THE YOUNGER BRANCHES OF THE ROYAL FAMILY. His majesty's message, recommending to parliament to increase the provision made for the younger branches of his royal family, has been taken into consideration; and it has been agreed to in the committee of supply, that the incomes of the Dukes of Clarence, Kent, Cumberland, Sussex, Cambridge, and Gloucester, should be augmented from 12,0001. to 18,0001. This increase, with that of an additional 10001. per annum to the Princess Charlotte of Wales, the five Princesses, and the Princess Sophia of Gloucester, will be an annual addition of 43,0001. to the national expenditure. We do not object so much to the magnitude of the sum, as we do to the time in which the measure is brought forward; and with all the respect and loyalty which we feel for the sovereign and for his family, we do not hesitate to say, that at a moment such as the present, pregnant with danger and difficulty, fraught with taxation beyond all precedent, it would have been wise in the king's servants to have postponed the proposed increase until the conclusion of peace, or the arrival of an hour more propitious to its adoption. It must be the sincere wish of the country that his majesty's offspring should possess the means of upholding the high situations, in point of splendour and comfort, which they naturally fill in the state ; but how comes it, that the inadequacy of these means has been discovered, only at the very time when the liberality of the public is most restricted, and when economy and order are become absolutely necessary to the preservation of our dearest interests ? As the princes and princesses have for the last four years contrived to exist upon the establishments voted in 1778, would they not have more effectually secured the esteem and attachment of the people, in still suffering the severe privations and hardships they endured from the smallness of the provisions made for them, than in thus having them brought forward by ministers? To forbear from asking, or from taking, during a contest in which they theinselves have so very much at stake, would have been an act of magnanimity that must have inspired courage and perseverance among their fellow subjects, and an act of sympathy that must have shewn they were no less ready than the landed proprietor, the merchant, and the tradesman, to suffer in the common cause. The crisis in which we live certainly does not recommend the application, nor justify the liberality of the guardians of the public purse.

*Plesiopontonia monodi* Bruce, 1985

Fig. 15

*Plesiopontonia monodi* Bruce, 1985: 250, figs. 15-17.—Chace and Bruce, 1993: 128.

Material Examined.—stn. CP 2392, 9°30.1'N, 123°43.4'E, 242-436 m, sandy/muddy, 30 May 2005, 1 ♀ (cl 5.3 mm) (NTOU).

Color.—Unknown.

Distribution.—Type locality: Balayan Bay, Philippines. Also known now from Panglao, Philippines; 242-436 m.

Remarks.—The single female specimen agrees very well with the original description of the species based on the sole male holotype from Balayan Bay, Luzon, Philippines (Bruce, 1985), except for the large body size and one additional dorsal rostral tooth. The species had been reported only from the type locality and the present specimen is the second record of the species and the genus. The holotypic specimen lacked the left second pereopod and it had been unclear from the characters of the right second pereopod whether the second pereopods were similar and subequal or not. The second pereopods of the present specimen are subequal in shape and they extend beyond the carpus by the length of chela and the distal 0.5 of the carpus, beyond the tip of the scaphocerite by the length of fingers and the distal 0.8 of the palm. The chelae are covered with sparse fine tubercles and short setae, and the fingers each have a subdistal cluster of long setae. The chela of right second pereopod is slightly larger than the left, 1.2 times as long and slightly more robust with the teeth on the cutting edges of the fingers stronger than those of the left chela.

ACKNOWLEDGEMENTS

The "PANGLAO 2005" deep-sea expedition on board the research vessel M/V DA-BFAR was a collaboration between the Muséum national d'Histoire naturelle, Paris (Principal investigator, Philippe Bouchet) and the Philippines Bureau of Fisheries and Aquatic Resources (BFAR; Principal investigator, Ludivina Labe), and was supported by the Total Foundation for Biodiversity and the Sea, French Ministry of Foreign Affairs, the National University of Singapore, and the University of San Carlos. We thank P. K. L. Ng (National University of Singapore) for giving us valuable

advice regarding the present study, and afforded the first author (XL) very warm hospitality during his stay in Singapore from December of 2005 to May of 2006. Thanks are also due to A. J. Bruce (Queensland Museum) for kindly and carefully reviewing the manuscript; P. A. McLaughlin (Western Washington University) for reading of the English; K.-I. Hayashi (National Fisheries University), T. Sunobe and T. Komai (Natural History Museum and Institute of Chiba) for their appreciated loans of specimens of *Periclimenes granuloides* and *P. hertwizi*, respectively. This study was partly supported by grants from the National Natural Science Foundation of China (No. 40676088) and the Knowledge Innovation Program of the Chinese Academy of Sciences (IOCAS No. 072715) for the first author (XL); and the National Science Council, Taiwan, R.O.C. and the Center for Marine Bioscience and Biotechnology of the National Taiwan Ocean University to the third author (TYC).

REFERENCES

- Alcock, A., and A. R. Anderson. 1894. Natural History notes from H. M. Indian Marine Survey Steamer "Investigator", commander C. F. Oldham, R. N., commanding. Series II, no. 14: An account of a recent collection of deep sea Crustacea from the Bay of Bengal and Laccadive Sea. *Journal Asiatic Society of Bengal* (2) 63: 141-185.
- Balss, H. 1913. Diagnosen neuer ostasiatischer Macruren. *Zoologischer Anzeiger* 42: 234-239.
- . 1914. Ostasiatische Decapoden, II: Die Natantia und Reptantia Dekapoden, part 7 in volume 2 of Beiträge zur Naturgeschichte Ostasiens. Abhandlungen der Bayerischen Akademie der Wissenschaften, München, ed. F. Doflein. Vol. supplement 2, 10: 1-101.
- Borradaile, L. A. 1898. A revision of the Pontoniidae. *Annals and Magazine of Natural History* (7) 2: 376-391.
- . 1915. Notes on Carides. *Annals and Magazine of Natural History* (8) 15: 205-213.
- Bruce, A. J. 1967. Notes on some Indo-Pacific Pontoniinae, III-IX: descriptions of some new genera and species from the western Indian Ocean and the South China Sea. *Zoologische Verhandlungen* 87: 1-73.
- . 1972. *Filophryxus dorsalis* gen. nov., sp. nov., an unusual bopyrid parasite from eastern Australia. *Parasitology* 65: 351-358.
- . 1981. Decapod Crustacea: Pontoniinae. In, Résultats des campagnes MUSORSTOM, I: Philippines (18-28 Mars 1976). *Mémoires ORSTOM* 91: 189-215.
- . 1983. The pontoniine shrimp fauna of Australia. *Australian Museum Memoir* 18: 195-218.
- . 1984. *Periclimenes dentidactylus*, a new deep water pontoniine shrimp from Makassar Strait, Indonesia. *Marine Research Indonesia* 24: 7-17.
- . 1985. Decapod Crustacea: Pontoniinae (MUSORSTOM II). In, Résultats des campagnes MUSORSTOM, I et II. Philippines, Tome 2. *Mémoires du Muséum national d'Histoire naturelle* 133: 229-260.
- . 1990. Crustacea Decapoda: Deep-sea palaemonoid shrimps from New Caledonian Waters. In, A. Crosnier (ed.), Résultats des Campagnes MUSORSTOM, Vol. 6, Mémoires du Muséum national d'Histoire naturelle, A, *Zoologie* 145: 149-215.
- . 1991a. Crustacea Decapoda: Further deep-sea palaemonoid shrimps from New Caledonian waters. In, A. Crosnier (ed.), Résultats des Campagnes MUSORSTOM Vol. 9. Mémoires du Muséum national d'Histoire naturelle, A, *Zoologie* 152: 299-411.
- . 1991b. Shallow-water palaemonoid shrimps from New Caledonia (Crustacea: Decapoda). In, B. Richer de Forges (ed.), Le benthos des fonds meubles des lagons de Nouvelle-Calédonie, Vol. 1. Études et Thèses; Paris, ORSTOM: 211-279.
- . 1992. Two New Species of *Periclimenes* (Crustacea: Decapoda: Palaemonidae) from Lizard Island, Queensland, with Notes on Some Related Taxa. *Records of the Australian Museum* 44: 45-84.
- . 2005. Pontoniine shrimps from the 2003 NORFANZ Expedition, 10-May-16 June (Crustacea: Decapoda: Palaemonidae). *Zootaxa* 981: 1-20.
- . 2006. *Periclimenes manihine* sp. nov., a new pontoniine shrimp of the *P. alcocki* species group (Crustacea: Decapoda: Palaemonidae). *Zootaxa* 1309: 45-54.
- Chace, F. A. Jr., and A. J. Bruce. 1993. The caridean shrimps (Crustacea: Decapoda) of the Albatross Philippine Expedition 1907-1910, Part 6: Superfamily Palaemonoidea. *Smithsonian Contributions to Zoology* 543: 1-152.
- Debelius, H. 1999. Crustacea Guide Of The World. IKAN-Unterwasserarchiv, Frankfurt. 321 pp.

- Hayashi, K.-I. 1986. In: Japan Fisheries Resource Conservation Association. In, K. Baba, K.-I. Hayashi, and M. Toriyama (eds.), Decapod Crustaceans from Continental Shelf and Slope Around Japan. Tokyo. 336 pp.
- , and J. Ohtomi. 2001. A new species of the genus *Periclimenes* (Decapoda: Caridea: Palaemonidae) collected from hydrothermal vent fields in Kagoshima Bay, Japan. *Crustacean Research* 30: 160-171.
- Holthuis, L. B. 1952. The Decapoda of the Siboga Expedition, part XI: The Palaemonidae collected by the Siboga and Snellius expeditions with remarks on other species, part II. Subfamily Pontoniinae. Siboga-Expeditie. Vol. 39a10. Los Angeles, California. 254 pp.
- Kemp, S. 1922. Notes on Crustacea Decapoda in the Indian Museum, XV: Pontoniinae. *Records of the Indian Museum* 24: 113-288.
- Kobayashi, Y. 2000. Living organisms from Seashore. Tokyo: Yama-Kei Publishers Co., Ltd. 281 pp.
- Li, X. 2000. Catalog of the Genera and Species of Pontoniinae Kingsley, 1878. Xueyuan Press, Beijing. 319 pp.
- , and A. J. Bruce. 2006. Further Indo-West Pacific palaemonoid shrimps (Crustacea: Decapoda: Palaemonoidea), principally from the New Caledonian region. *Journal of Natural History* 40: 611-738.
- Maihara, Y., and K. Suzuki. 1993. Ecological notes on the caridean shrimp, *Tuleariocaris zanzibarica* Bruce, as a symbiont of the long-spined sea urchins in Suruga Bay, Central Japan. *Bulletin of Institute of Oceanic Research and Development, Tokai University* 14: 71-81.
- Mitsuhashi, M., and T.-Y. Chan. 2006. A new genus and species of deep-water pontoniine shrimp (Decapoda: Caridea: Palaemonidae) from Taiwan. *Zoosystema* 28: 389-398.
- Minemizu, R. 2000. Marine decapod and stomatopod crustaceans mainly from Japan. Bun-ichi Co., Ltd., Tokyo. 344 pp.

"Non hoc ista tempus spectacula poscit.” We are, however, more inclined to attribute the measure to the new policy of ministers than to any sanction it may have received in another quarter, or to any intimation from higher authority. The man of the people and the men of the people are most strangely changed. The possession of power and place has spells and charms so dazzling and so potent as